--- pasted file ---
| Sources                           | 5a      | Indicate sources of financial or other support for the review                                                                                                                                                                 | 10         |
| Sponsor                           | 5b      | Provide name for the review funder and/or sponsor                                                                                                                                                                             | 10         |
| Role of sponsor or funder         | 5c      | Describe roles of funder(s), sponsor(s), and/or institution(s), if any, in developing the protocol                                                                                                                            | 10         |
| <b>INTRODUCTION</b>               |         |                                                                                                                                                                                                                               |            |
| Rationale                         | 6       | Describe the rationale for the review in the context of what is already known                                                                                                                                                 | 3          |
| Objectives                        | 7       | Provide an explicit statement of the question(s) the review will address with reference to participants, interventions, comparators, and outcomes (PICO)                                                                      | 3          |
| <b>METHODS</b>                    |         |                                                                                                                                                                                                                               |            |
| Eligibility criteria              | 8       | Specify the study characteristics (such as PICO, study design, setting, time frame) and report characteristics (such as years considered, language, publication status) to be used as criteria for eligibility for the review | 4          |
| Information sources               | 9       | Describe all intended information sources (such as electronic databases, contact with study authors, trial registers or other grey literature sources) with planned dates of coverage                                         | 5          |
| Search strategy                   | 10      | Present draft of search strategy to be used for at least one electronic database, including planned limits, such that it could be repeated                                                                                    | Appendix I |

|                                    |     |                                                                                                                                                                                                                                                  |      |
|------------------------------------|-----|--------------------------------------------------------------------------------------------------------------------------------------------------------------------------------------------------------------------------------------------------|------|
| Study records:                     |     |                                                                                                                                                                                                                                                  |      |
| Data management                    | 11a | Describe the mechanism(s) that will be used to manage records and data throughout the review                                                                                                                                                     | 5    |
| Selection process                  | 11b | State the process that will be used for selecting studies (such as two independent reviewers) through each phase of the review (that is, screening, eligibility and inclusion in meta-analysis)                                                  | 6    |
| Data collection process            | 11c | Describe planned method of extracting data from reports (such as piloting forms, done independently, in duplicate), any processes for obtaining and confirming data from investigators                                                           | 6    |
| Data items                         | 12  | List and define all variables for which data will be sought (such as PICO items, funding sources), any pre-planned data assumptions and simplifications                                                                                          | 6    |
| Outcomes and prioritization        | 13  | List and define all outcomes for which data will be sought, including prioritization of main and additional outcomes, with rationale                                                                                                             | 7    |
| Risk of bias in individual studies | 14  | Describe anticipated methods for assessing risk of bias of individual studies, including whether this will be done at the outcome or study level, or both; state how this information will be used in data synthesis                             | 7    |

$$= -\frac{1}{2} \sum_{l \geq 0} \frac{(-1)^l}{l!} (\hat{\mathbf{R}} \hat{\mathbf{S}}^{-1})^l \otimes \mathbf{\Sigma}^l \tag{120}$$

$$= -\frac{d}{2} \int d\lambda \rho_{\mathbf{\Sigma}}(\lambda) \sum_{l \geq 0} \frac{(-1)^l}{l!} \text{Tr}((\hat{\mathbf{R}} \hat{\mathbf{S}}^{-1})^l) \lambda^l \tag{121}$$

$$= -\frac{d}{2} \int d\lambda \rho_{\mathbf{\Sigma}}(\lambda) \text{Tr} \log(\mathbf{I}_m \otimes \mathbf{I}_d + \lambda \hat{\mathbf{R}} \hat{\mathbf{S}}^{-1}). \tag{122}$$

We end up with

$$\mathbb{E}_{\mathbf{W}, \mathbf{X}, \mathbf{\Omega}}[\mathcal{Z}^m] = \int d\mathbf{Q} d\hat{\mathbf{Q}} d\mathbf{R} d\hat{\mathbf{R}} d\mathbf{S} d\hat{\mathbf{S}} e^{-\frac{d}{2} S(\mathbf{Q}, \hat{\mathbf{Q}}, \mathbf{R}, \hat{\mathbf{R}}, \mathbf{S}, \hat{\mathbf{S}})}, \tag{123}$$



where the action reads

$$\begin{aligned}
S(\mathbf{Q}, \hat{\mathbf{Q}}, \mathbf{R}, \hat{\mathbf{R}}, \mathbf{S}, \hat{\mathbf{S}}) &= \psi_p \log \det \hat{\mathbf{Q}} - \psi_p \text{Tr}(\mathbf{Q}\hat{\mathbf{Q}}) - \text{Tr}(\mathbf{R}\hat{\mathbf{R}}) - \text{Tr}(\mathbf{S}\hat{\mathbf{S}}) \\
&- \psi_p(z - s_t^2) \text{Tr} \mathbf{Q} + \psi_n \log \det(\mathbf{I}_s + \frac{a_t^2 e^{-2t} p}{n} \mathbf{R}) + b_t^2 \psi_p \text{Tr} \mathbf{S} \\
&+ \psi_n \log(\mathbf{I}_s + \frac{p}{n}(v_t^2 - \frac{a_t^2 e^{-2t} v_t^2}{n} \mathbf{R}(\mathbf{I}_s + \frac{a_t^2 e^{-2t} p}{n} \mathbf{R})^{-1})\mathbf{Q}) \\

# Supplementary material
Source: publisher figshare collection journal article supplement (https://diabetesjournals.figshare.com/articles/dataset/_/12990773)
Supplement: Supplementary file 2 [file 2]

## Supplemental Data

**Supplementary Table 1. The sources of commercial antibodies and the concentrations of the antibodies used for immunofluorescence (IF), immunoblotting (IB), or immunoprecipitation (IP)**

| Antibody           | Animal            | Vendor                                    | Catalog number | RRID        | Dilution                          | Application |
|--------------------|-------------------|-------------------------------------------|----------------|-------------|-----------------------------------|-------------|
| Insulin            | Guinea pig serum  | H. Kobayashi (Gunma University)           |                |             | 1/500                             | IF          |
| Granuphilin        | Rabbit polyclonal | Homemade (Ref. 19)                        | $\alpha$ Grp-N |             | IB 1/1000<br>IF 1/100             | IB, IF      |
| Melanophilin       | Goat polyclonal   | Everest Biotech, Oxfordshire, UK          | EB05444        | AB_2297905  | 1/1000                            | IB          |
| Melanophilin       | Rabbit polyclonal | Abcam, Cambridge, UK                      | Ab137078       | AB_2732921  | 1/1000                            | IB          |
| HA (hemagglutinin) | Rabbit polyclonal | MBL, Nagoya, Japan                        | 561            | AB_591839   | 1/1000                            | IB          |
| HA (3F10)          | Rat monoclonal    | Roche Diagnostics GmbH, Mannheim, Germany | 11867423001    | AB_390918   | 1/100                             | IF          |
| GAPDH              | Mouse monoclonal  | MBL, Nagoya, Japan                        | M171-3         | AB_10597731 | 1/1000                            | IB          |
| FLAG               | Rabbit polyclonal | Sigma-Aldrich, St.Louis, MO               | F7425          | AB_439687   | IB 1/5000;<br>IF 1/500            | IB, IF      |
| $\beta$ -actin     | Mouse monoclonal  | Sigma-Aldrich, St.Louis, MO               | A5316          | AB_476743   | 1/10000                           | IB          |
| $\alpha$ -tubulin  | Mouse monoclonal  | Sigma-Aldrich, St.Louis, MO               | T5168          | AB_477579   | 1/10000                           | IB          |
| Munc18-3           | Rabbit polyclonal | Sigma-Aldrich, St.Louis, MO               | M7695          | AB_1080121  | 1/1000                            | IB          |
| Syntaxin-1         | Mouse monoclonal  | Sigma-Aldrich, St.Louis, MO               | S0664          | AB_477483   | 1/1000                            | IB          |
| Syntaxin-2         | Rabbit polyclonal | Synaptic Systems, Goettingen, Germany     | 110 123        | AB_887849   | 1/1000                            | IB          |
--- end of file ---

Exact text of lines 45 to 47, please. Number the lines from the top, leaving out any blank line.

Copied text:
| $\beta$ -actin     | Mouse monoclonal  | Sigma-Aldrich, St.Louis, MO               | A5316          | AB_476743   | 1/10000                           | IB          |
| $\alpha$ -tubulin  | Mouse monoclonal  | Sigma-Aldrich, St.Louis, MO               | T5168          | AB_477579   | 1/10000                           | IB          |
| Munc18-3           | Rabbit polyclonal | Sigma-Aldrich, St.Louis, MO               | M7695          | AB_1080121  | 1/1000                            | IB          |